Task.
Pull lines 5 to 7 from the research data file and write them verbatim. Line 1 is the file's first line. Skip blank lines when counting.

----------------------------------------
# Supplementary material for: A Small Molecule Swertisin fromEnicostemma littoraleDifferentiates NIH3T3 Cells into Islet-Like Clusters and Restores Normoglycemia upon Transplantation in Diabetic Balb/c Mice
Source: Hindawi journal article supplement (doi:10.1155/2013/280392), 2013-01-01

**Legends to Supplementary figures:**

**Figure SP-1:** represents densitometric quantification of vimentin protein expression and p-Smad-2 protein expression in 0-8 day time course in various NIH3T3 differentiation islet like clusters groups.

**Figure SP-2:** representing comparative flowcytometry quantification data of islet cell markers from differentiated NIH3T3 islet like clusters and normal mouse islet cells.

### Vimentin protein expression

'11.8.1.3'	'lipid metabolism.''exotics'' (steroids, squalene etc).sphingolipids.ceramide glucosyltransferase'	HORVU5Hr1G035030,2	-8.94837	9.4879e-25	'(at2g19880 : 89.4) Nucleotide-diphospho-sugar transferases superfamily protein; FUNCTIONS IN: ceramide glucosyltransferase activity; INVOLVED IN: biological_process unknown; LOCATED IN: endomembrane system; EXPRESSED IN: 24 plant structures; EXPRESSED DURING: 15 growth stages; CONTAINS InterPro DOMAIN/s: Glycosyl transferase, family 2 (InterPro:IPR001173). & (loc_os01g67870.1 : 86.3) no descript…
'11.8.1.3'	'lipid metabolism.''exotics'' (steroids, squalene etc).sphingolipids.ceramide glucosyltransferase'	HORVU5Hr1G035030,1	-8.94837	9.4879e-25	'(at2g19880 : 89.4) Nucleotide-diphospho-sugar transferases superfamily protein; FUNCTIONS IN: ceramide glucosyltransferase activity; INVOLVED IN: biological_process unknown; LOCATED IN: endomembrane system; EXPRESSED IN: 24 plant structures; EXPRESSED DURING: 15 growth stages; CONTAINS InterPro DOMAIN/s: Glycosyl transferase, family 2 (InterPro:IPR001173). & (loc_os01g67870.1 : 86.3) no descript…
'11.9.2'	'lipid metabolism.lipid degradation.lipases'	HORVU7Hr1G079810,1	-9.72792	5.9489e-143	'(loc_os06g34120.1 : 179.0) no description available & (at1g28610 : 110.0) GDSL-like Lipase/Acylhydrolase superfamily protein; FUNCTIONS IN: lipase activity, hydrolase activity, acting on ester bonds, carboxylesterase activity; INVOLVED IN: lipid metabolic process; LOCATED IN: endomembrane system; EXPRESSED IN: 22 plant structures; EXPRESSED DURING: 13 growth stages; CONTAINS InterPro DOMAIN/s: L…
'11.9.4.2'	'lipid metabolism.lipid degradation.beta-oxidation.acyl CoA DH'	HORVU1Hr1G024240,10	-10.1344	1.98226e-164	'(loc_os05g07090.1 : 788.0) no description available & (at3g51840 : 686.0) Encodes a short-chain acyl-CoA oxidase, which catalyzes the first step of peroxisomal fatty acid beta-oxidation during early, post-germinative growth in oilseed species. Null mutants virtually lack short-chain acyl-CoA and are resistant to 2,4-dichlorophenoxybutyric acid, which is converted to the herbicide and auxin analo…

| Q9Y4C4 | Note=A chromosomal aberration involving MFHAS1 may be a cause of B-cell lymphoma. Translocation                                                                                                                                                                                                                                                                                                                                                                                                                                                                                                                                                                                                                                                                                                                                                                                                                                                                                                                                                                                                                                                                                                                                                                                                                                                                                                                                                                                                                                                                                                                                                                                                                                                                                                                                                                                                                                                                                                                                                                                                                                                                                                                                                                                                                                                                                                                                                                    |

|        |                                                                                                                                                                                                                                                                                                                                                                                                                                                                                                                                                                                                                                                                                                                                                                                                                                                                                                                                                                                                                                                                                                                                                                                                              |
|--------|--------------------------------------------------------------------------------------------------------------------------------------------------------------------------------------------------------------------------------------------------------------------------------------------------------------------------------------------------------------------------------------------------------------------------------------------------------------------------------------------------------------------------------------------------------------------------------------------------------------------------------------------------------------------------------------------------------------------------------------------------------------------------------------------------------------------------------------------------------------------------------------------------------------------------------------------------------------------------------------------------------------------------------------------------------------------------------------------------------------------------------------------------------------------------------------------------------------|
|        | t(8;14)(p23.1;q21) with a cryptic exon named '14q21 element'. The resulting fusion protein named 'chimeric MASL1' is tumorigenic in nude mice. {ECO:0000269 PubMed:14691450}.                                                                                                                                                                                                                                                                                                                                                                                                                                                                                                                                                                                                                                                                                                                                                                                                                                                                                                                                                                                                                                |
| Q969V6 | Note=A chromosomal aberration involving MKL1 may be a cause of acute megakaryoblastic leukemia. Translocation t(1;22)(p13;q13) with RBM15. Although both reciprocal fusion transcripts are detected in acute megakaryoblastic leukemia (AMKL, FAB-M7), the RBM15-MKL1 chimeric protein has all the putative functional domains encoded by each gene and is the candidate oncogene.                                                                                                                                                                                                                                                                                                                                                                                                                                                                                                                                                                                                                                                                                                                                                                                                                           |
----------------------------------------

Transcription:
**Figure SP-2:** representing comparative flowcytometry quantification data of islet cell markers from differentiated NIH3T3 islet like clusters and normal mouse islet cells.

### Vimentin protein expression

'11.8.1.3'	'lipid metabolism.''exotics'' (steroids, squalene etc).sphingolipids.ceramide glucosyltransferase'	HORVU5Hr1G035030,2	-8.94837	9.4879e-25	'(at2g19880 : 89.4) Nucleotide-diphospho-sugar transferases superfamily protein; FUNCTIONS IN: ceramide glucosyltransferase activity; INVOLVED IN: biological_process unknown; LOCATED IN: endomembrane system; EXPRESSED IN: 24 plant structures; EXPRESSED DURING: 15 growth stages; CONTAINS InterPro DOMAIN/s: Glycosyl transferase, family 2 (InterPro:IPR001173). & (loc_os01g67870.1 : 86.3) no descript…